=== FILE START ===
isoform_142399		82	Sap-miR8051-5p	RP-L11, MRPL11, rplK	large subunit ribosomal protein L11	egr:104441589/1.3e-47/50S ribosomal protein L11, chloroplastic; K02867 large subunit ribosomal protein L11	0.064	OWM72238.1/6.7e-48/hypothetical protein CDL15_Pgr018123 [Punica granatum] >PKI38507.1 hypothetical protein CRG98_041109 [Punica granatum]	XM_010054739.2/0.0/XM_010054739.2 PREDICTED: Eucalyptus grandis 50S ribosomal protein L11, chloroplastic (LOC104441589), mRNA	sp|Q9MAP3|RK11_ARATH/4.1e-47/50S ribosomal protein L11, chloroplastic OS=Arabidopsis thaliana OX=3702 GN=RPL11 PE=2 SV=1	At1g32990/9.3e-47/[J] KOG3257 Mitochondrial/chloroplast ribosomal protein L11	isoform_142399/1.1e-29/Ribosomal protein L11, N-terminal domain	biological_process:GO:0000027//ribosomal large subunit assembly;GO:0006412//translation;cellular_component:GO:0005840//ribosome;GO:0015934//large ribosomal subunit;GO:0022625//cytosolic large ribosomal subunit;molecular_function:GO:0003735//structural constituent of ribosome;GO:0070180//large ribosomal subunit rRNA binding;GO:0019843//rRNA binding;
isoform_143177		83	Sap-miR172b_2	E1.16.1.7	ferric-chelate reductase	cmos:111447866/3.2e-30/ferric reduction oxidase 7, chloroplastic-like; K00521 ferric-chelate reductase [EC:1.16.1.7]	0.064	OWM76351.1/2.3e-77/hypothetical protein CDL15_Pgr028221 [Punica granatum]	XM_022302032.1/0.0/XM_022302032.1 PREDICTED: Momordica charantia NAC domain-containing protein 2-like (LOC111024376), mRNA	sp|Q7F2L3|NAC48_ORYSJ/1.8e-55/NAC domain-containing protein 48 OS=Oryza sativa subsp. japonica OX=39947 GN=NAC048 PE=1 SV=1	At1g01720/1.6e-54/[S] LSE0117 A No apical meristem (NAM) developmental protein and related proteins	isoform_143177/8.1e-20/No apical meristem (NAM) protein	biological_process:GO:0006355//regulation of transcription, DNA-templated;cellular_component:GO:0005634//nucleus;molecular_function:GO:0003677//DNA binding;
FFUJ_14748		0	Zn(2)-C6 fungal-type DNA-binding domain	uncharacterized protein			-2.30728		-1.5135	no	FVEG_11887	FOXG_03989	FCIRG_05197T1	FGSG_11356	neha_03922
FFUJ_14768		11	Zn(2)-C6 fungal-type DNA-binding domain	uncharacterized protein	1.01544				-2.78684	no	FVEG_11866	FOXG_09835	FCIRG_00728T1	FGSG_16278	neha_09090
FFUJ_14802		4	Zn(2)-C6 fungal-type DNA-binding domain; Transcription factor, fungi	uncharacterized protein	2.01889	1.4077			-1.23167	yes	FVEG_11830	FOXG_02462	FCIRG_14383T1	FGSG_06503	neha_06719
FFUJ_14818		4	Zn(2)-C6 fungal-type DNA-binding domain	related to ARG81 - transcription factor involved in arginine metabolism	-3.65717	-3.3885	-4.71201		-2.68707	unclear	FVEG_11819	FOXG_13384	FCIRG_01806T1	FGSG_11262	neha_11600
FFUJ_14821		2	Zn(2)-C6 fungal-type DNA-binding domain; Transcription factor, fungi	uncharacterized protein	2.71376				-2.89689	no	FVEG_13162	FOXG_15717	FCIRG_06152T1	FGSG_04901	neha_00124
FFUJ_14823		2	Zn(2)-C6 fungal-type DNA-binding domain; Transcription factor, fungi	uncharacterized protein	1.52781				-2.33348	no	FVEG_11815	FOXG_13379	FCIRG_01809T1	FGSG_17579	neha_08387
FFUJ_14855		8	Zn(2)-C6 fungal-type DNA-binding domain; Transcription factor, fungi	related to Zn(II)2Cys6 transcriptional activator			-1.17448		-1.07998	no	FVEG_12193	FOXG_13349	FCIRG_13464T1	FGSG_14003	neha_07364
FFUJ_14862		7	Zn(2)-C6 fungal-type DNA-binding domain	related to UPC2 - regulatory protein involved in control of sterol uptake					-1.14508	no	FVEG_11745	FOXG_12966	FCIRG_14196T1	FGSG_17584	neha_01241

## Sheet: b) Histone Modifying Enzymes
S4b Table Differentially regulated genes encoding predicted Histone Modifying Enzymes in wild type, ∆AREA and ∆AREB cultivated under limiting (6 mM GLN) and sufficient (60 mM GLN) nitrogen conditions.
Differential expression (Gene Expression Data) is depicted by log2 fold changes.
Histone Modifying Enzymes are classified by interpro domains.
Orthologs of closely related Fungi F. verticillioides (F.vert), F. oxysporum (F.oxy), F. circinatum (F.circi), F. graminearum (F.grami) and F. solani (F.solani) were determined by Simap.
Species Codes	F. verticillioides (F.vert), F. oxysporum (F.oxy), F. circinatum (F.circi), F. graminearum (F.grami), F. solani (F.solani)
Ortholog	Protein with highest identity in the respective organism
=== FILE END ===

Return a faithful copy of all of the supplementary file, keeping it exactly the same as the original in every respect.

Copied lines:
isoform_142399		82	Sap-miR8051-5p	RP-L11, MRPL11, rplK	large subunit ribosomal protein L11	egr:104441589/1.3e-47/50S ribosomal protein L11, chloroplastic; K02867 large subunit ribosomal protein L11	0.064	OWM72238.1/6.7e-48/hypothetical protein CDL15_Pgr018123 [Punica granatum] >PKI38507.1 hypothetical protein CRG98_041109 [Punica granatum]	XM_010054739.2/0.0/XM_010054739.2 PREDICTED: Eucalyptus grandis 50S ribosomal protein L11, chloroplastic (LOC104441589), mRNA	sp|Q9MAP3|RK11_ARATH/4.1e-47/50S ribosomal protein L11, chloroplastic OS=Arabidopsis thaliana OX=3702 GN=RPL11 PE=2 SV=1	At1g32990/9.3e-47/[J] KOG3257 Mitochondrial/chloroplast ribosomal protein L11	isoform_142399/1.1e-29/Ribosomal protein L11, N-terminal domain	biological_process:GO:0000027//ribosomal large subunit assembly;GO:0006412//translation;cellular_component:GO:0005840//ribosome;GO:0015934//large ribosomal subunit;GO:0022625//cytosolic large ribosomal subunit;molecular_function:GO:0003735//structural constituent of ribosome;GO:0070180//large ribosomal subunit rRNA binding;GO:0019843//rRNA binding;
isoform_143177		83	Sap-miR172b_2	E1.16.1.7	ferric-chelate reductase	cmos:111447866/3.2e-30/ferric reduction oxidase 7, chloroplastic-like; K00521 ferric-chelate reductase [EC:1.16.1.7]	0.064	OWM76351.1/2.3e-77/hypothetical protein CDL15_Pgr028221 [Punica granatum]	XM_022302032.1/0.0/XM_022302032.1 PREDICTED: Momordica charantia NAC domain-containing protein 2-like (LOC111024376), mRNA	sp|Q7F2L3|NAC48_ORYSJ/1.8e-55/NAC domain-containing protein 48 OS=Oryza sativa subsp. japonica OX=39947 GN=NAC048 PE=1 SV=1	At1g01720/1.6e-54/[S] LSE0117 A No apical meristem (NAM) developmental protein and related proteins	isoform_143177/8.1e-20/No apical meristem (NAM) protein	biological_process:GO:0006355//regulation of transcription, DNA-templated;cellular_component:GO:0005634//nucleus;molecular_function:GO:0003677//DNA binding;
FFUJ_14748		0	Zn(2)-C6 fungal-type DNA-binding domain	uncharacterized protein			-2.30728		-1.5135	no	FVEG_11887	FOXG_03989	FCIRG_05197T1	FGSG_11356	neha_03922
FFUJ_14768		11	Zn(2)-C6 fungal-type DNA-binding domain	uncharacterized protein	1.01544				-2.78684	no	FVEG_11866	FOXG_09835	FCIRG_00728T1	FGSG_16278	neha_09090
FFUJ_14802		4	Zn(2)-C6 fungal-type DNA-binding domain; Transcription factor, fungi	uncharacterized protein	2.01889	1.4077			-1.23167	yes	FVEG_11830	FOXG_02462	FCIRG_14383T1	FGSG_06503	neha_06719
FFUJ_14818		4	Zn(2)-C6 fungal-type DNA-binding domain	related to ARG81 - transcription factor involved in arginine metabolism	-3.65717	-3.3885	-4.71201		-2.68707	unclear	FVEG_11819	FOXG_13384	FCIRG_01806T1	FGSG_11262	neha_11600
FFUJ_14821		2	Zn(2)-C6 fungal-type DNA-binding domain; Transcription factor, fungi	uncharacterized protein	2.71376				-2.89689	no	FVEG_13162	FOXG_15717	FCIRG_06152T1	FGSG_04901	neha_00124
FFUJ_14823		2	Zn(2)-C6 fungal-type DNA-binding domain; Transcription factor, fungi	uncharacterized protein	1.52781				-2.33348	no	FVEG_11815	FOXG_13379	FCIRG_01809T1	FGSG_17579	neha_08387
FFUJ_14855		8	Zn(2)-C6 fungal-type DNA-binding domain; Transcription factor, fungi	related to Zn(II)2Cys6 transcriptional activator			-1.17448		-1.07998	no	FVEG_12193	FOXG_13349	FCIRG_13464T1	FGSG_14003	neha_07364
FFUJ_14862		7	Zn(2)-C6 fungal-type DNA-binding domain	related to UPC2 - regulatory protein involved in control of sterol uptake					-1.14508	no	FVEG_11745	FOXG_12966	FCIRG_14196T1	FGSG_17584	neha_01241

## Sheet: b) Histone Modifying Enzymes
S4b Table Differentially regulated genes encoding predicted Histone Modifying Enzymes in wild type, ∆AREA and ∆AREB cultivated under limiting (6 mM GLN) and sufficient (60 mM GLN) nitrogen conditions.
Differential expression (Gene Expression Data) is depicted by log2 fold changes.
Histone Modifying Enzymes are classified by interpro domains.
Orthologs of closely related Fungi F. verticillioides (F.vert), F. oxysporum (F.oxy), F. circinatum (F.circi), F. graminearum (F.grami) and F. solani (F.solani) were determined by Simap.
Species Codes	F. verticillioides (F.vert), F. oxysporum (F.oxy), F. circinatum (F.circi), F. graminearum (F.grami), F. solani (F.solani)
Ortholog	Protein with highest identity in the respective organism